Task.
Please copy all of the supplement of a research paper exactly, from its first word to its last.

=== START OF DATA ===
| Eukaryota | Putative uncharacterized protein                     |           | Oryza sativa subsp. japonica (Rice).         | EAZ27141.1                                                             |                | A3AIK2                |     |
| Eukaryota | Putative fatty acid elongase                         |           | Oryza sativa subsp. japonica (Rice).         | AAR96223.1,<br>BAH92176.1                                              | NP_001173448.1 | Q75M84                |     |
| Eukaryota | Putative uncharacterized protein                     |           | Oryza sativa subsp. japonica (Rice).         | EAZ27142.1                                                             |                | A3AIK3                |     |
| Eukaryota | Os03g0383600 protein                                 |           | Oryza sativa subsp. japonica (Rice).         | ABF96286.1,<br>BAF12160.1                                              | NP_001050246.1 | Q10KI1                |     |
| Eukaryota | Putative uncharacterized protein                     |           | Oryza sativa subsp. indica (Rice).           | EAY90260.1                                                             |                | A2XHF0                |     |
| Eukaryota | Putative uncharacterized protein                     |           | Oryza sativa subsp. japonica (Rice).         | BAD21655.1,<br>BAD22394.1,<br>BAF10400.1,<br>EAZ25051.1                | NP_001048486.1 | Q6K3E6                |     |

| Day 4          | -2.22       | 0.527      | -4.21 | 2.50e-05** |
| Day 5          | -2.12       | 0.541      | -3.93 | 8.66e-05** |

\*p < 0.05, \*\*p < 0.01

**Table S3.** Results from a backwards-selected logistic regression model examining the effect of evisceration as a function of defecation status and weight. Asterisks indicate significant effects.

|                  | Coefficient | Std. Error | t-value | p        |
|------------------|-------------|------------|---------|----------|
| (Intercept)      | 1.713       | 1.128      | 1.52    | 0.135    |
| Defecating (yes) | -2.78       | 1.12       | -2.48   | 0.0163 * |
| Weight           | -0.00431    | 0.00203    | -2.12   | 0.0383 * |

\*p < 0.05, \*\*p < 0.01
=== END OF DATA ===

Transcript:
| Eukaryota | Putative uncharacterized protein                     |           | Oryza sativa subsp. japonica (Rice).         | EAZ27141.1                                                             |                | A3AIK2                |     |
| Eukaryota | Putative fatty acid elongase                         |           | Oryza sativa subsp. japonica (Rice).         | AAR96223.1,<br>BAH92176.1                                              | NP_001173448.1 | Q75M84                |     |
| Eukaryota | Putative uncharacterized protein                     |           | Oryza sativa subsp. japonica (Rice).         | EAZ27142.1                                                             |                | A3AIK3                |     |
| Eukaryota | Os03g0383600 protein                                 |           | Oryza sativa subsp. japonica (Rice).         | ABF96286.1,<br>BAF12160.1                                              | NP_001050246.1 | Q10KI1                |     |
| Eukaryota | Putative uncharacterized protein                     |           | Oryza sativa subsp. indica (Rice).           | EAY90260.1                                                             |                | A2XHF0                |     |
| Eukaryota | Putative uncharacterized protein                     |           | Oryza sativa subsp. japonica (Rice).         | BAD21655.1,<br>BAD22394.1,<br>BAF10400.1,<br>EAZ25051.1                | NP_001048486.1 | Q6K3E6                |     |

| Day 4          | -2.22       | 0.527      | -4.21 | 2.50e-05** |
| Day 5          | -2.12       | 0.541      | -3.93 | 8.66e-05** |

\*p < 0.05, \*\*p < 0.01

**Table S3.** Results from a backwards-selected logistic regression model examining the effect of evisceration as a function of defecation status and weight. Asterisks indicate significant effects.

|                  | Coefficient | Std. Error | t-value | p        |
|------------------|-------------|------------|---------|----------|
| (Intercept)      | 1.713       | 1.128      | 1.52    | 0.135    |
| Defecating (yes) | -2.78       | 1.12       | -2.48   | 0.0163 * |
| Weight           | -0.00431    | 0.00203    | -2.12   | 0.0383 * |

\*p < 0.05, \*\*p < 0.01